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Intro to Spanish Guitar

The World of the Nylon Six-String

Some of the world’s most beautiful and exciting music has been composed for and played on the Spanish guitar. Although it may not be as popular as many other forms of music today, it has always maintained a passionate and loyal fan base around the world and has influenced most other genres of music from country to metal. Today, we will give you a history of the Spanish guitar and the fundamentals of its sound and its performance.

What is Spanish Guitar?

Spanish guitar is actually synonymous with classical guitar but is so named because of its roots of manufacture and early use in Spain. It is not only used to describe its origins and style but the design of the guitar as well.

The backs and sides of most Spanish guitar bodies are constructed of rosewood or maple for resonance and durability. The soundboard is often made from spruce, rosewood, or cedar because of their resonance.

The look, feel, and sound of an acoustic guitar are quite different from those of steel stringed guitars. Classical guitars are typically considerably smaller with wider necks. Strings are commonly made from nylon with a fine wire wrap around the bass strings. Nylon strings are much softer and gentler on the fingertips than steel strings. They also have a much lighter and quieter sound.


The Spanish guitar as we know it today was developed in the late 19th century. It has its roots in ancient times when numerous guitar-like stringed instruments were developed and played. Their shape is based on designs of early romantic guitars from France and Italy.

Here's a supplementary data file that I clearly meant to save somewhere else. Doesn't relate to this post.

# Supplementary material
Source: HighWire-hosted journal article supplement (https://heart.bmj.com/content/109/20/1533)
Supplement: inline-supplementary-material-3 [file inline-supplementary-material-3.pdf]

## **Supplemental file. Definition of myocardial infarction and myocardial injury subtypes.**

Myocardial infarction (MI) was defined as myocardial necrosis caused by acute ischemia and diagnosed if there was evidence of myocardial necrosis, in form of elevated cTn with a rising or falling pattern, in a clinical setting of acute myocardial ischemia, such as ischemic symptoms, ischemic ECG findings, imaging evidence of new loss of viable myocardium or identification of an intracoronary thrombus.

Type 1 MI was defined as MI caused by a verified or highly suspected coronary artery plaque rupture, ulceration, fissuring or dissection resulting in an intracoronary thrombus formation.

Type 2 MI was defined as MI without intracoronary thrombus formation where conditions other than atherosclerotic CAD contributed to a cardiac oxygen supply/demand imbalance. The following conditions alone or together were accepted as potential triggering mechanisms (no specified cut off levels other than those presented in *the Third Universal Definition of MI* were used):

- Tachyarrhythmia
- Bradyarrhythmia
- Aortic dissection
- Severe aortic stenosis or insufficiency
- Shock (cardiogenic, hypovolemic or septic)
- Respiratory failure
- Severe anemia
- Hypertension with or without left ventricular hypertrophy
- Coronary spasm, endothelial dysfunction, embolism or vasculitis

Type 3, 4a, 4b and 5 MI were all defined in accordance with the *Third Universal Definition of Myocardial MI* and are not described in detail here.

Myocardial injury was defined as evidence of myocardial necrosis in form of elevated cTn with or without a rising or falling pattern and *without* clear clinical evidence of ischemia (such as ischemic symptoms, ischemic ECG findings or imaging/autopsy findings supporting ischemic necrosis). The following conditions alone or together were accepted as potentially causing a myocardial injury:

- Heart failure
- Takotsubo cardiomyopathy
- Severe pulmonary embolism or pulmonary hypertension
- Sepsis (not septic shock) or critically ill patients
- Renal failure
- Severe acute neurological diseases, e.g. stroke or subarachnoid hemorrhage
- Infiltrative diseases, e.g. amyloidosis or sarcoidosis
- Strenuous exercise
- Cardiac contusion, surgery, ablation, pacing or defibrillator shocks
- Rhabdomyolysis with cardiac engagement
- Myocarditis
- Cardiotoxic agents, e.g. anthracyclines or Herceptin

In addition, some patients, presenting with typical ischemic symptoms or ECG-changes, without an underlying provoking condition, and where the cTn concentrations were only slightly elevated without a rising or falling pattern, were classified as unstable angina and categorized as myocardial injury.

Works composed directly for guitar made their first appearance in the late 1700s, although they were derivative of compositions for other instruments. Spanish guitar music came into its own in the late 19th century. Francisco Tarrega (1852-1909) was considered the father of modern classical guitar. Andres Segovia (1893-1987) was the most popular classical guitarist of the modern era.

Playing Technique

Spanish guitar is typically played while seated with the guitar on the lap and one foot placed on a footstool. It is played with the thumb plucking from the top of a string downwards (downstroke) and the other fingers plucking from the bottom of string upwards (upstroke). A pick is never used. The fingers are always in contact with the strings.

As with most other musical instruments, you can self-teach with the help of videos and books, but this is not recommended for Spanish guitar. This is a highly-stylized and specialized genre and needs more finessing than other styles of guitar playing do. It is highly recommended that you get one-on-one lessons with an instructor who is proficient in playing Spanish guitar.

Spanish guitar can be much harder to play well than other genres of guitar, but if you are persistent, work hard, and keep your attitude up, you can become quite good at it.

Give It a Try

Mastering Spanish guitar can be an extremely rewarding experience. Check out your local guitar shop to see what is available.

Phone Glenn Sutton at: 619-306-3664.

Services include:

  • Acoustic Guitar Lessons
  • Electric Guitar Lessons
  • Bass Guitar Instruction
  • Classical Guitar
  • Spanish Guitar
  • Learning to Write Music
  • Advanced Improv Techniques
  • Performance Techniques
  • TABS or sheet music



  • Rock
  • Classic
  • Folk
  • Jazz
  • Improv
  • Blues
  • R&B/funk
  • Metal


  • Rancho Bernardo
  • San Diego
  • Poway
  • Rancho Penasquitos
  • 4S Ranch